February 21, 2020 09:20 am ETEstimated Read Time: 4 Minutes
Recently, we shared the story of how Florida’s legislature is redefining the way they engage with cannabis in the face of spreading legalization nationally. In the past, although Florida had fairly clear laws when it came to THC, CBD was considered a substance that was too complicated to legislate. It was a product of the cannabis plant, and that made lawmakers reluctant to consider it fully acceptable. But at the same time, the lack of intoxicating properties in the substance makes it difficult to ban.
The fact that most cannabis-based products haven’t yet been approved by federal law, and the fact that they haven’t been fully studied by the FDA, only complicate the matter. State legislatures understand that they have to make decisions about CBD without relying on the factors that would ordinarily help inform their choices.
But Florida recently took steps to implement new CBD regulations, to the benefit of both providers and consumers. And now Hawaii is doing the same thing.
Hawaii’s Status Prior to New Regulations
CBD is federally approved which means that it has been available medically in Hawaii for some time. But now, other products are finding their way onto the shelves in Hawaii. Dietary supplements, cosmetics, food products, and more have all become available thanks to the widespread—and growing—legalization of CBD in other states. While these products remained illegal in Hawaii, food and safety inspectors began to have a difficult time keeping up with the demands placed on them to ensure that nothing in violation of the law made it onto the shelves.
Regulators in Hawaii say that it’s important to put some form of regulation in place quickly in order to protect consumers, who have a right to know what they’re buying.
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The New Regulations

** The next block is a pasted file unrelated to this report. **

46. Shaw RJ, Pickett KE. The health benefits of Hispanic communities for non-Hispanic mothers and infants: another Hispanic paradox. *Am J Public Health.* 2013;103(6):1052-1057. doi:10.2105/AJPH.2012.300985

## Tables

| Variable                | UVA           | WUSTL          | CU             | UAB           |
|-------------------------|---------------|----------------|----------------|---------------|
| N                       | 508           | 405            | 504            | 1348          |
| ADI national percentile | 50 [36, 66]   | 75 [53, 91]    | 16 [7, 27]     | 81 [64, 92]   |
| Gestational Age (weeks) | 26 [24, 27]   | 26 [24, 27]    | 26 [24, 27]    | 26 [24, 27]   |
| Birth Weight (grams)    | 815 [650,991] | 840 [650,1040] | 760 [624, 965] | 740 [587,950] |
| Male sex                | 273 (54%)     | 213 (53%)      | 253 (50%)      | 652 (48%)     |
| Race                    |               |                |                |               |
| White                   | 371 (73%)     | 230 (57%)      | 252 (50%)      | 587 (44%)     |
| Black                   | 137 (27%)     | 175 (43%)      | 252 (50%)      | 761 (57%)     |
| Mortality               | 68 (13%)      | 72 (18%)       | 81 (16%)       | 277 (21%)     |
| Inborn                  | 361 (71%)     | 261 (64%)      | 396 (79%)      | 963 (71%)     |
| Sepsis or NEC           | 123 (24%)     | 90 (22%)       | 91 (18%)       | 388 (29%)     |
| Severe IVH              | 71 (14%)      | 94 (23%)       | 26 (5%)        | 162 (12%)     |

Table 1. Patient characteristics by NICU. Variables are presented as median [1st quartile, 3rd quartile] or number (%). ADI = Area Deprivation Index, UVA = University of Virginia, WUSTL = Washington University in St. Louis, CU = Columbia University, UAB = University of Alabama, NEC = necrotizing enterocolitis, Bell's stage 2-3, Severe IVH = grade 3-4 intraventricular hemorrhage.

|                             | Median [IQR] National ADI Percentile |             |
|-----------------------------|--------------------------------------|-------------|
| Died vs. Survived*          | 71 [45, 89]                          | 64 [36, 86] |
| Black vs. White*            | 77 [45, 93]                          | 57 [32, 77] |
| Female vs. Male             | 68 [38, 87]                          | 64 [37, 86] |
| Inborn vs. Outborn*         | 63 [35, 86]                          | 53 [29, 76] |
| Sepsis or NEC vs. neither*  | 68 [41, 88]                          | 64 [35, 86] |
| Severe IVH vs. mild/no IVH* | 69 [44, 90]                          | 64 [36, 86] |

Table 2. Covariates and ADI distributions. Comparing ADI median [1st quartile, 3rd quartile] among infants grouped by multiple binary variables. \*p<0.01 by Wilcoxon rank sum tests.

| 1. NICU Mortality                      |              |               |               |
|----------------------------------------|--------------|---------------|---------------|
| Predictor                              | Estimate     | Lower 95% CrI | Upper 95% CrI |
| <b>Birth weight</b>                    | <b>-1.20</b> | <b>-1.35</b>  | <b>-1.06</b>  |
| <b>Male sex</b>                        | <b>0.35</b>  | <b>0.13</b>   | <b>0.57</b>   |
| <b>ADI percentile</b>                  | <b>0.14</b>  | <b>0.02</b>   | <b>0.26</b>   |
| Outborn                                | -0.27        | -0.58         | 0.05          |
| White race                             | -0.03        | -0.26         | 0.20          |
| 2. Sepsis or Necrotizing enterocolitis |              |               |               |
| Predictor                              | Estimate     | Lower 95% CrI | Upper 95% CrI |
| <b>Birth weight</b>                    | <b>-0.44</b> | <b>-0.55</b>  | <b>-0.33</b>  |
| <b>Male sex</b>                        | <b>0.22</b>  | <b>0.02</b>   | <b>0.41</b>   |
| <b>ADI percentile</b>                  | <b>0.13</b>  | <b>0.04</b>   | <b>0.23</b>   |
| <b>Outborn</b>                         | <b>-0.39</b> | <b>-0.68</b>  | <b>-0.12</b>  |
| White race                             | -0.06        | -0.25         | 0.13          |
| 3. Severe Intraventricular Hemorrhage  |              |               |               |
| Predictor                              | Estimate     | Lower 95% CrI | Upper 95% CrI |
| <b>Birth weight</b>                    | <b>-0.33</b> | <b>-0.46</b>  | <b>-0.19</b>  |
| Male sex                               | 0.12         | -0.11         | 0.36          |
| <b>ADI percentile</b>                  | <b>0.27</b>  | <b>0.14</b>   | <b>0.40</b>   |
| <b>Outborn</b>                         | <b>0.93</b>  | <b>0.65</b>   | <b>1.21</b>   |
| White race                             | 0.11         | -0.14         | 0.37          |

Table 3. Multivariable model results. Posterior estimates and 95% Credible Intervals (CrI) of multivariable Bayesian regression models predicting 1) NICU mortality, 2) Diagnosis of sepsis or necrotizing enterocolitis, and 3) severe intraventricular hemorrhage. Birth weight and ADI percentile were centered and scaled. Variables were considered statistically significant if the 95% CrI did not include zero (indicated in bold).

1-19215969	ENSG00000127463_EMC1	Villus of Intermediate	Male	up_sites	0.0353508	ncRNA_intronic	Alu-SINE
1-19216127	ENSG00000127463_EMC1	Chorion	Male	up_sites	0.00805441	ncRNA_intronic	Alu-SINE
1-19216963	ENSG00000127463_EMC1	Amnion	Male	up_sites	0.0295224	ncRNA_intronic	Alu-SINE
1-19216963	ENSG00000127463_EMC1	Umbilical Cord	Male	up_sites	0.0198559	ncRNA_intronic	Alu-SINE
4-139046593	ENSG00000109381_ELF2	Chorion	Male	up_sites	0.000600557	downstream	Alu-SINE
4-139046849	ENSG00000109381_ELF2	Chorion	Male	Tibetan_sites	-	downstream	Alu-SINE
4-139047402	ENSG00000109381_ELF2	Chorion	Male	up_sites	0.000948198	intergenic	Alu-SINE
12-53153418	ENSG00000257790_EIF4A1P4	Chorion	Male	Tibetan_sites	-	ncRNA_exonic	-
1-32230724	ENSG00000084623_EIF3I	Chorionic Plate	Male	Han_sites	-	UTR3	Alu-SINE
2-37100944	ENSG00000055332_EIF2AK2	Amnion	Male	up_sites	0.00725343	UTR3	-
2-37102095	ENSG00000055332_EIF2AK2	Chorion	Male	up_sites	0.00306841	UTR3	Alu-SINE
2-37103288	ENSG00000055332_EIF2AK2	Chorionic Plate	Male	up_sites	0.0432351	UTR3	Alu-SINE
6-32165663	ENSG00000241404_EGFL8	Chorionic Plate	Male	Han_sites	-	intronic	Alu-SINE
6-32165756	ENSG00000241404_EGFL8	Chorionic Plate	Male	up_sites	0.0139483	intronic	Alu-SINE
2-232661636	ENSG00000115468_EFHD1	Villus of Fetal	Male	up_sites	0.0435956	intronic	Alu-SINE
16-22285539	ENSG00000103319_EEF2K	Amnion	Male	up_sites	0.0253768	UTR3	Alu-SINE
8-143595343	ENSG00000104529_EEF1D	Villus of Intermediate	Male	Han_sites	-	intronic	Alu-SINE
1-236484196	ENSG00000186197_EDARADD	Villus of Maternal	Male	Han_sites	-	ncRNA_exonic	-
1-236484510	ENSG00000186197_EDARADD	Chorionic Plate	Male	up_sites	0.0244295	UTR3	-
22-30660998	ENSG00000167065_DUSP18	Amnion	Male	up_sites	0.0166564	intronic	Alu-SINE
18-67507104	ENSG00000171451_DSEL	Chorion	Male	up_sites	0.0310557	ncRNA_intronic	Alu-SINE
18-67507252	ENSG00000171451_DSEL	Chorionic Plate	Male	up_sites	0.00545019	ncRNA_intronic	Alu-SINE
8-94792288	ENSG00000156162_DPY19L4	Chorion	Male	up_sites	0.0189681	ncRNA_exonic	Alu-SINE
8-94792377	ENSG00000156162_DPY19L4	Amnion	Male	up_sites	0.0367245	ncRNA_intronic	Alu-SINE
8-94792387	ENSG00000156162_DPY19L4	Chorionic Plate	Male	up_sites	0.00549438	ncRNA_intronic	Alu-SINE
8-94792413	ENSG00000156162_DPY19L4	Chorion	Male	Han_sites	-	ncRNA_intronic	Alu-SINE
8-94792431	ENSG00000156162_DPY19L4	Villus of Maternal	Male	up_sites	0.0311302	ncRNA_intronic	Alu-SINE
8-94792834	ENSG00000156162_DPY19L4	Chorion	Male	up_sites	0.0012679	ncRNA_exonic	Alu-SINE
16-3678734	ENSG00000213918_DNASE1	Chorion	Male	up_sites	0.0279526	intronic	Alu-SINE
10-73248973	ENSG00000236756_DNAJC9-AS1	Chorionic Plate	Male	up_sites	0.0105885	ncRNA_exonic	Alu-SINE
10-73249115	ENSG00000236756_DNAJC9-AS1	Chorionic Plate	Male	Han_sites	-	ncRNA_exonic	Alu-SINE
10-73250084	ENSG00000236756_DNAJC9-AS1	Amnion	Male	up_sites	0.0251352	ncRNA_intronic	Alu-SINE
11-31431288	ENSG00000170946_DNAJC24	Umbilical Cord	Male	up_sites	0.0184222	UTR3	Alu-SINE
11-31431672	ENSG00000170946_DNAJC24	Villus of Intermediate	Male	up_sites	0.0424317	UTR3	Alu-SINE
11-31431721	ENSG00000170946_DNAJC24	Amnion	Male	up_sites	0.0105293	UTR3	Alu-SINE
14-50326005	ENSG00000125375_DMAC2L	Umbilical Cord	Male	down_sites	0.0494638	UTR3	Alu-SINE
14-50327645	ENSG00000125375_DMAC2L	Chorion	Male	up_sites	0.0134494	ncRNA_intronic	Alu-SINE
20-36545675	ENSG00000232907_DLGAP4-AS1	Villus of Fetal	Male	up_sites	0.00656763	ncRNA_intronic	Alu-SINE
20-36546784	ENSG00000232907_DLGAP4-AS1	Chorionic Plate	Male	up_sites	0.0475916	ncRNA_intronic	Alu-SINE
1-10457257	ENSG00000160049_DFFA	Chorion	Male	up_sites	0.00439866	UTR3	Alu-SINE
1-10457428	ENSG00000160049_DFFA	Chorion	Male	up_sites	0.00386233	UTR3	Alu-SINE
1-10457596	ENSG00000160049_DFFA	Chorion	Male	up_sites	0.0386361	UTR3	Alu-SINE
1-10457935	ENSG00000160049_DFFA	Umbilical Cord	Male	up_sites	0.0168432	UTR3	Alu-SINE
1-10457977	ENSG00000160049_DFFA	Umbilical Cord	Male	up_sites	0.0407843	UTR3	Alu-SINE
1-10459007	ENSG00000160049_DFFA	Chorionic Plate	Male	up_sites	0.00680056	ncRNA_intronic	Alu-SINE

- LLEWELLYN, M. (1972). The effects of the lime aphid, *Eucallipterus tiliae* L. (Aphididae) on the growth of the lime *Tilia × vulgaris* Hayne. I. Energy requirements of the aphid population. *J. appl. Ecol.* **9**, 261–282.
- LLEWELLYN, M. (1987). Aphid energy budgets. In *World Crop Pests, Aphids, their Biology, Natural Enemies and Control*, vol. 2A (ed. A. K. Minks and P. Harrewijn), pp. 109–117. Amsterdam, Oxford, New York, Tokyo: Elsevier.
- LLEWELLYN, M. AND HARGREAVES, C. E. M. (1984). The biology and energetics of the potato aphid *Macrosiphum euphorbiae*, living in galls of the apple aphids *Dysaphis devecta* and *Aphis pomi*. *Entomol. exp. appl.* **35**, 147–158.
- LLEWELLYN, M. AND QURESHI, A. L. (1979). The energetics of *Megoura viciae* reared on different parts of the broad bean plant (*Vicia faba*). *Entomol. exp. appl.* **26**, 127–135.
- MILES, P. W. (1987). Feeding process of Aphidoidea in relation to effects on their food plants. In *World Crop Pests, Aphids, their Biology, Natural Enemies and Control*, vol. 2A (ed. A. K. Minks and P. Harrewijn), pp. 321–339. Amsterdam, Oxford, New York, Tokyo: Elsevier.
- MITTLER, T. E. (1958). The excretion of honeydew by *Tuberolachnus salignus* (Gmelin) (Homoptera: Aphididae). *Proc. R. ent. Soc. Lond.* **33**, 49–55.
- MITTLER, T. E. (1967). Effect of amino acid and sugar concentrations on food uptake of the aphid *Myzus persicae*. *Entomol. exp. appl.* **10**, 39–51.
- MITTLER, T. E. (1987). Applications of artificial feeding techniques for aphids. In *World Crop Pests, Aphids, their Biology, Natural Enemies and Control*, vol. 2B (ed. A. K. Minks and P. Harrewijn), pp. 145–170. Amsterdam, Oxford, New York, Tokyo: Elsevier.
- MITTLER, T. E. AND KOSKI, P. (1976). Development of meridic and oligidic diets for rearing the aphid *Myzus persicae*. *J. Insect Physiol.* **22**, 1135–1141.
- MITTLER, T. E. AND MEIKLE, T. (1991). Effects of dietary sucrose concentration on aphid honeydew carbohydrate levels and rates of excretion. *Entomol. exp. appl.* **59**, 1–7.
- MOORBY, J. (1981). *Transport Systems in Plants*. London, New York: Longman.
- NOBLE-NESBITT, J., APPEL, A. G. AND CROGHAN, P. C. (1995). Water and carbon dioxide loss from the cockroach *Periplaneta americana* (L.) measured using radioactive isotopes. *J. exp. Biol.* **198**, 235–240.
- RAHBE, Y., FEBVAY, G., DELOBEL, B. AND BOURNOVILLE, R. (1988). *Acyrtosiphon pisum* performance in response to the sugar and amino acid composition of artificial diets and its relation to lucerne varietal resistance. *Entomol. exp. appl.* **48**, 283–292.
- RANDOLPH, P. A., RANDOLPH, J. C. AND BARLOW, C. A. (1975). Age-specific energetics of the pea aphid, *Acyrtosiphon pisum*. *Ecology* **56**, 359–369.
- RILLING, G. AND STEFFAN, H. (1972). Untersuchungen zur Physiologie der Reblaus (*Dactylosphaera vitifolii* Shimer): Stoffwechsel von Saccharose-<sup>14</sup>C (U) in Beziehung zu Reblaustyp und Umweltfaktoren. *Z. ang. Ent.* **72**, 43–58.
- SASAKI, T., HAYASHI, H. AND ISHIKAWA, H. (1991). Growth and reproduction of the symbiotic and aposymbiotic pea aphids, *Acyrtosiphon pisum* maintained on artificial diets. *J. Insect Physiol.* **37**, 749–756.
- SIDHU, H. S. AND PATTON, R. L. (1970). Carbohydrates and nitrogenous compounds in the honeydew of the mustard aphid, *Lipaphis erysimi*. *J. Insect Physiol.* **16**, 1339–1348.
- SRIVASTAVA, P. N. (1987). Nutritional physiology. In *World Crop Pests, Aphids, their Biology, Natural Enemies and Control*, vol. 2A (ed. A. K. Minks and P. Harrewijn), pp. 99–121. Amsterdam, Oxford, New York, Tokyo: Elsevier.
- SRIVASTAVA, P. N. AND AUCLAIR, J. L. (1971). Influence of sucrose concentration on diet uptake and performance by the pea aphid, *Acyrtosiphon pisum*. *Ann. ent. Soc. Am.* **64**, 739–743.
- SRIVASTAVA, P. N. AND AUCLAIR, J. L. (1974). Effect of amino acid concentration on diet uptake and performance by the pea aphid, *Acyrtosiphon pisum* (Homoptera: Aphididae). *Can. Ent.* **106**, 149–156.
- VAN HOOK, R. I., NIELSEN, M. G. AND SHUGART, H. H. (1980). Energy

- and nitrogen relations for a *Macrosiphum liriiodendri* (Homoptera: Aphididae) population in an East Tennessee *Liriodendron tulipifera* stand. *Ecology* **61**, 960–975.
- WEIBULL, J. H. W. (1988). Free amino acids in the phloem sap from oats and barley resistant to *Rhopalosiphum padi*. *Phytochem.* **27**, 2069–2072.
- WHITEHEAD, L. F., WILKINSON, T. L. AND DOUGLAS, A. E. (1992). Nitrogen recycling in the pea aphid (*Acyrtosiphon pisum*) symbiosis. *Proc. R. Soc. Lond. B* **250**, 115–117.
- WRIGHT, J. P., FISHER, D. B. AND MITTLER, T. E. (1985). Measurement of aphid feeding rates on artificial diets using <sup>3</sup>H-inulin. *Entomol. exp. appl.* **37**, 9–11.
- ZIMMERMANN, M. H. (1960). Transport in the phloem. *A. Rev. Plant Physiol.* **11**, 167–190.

One consideration Hawaiian lawmakers must keep in mind is that CBD is the most lucrative aspect of the cannabis market at present. Placing regulations on the substance that allow it to be sold safely and legally is a great way to add more income to the state.
The lawmakers are taking a two-pronged approach to the implementation of their new regulations. The first is to allow for the agricultural production of hemp. A 2016 pilot program allowed Hawaiian farmers to grow small test plots of hemp, and the new regulations would expand that to allow hemp production to keep up with the state’s needs. Because the amount of THC present in the hemp plant is negligible, this would help ensure that the CBD products that wind up on Hawaii’s shelves are non-intoxicating in nature, adding a layer of security for consumers.
The second part of the approach is to regulate the manufacture and sale of hemp-derived products. This would include testing and labeling so that customers considering a purchase would know whether the product they were looking for had been approved or not. It would give customers more confidence in the contents of the products they purchased, and it would also help to keep unsafe products off the market.
Given the number of CBD products that have already found their way onto the market, Hawaii’s legislators say that the time for regulations has come.
This trend is not isolated to Hawaii and Florida by any means. Across the country, we are seeing those in both the cannabis industry and the government turning their attention to transparency and accessibility of information. As legalization makes cannabis more ubiquitous, consumers will have a need to know exactly what they’re getting, and Hawaii’s new CBD regulations are a promising step in the right direction.
Kat Helgeson comes from a ten year career in social media marketing and content creation. She takes pride in her ability to communicate the culture and values of an organization via the written word. Kat is also the author of numerous books for young adults. Her titles have received the Junior Library Guild Award, the Bank Street College of Education Best Books of the Year Distinction, and been featured on the Illinois Reads selection list. Her work has been translated into Dutch and German.
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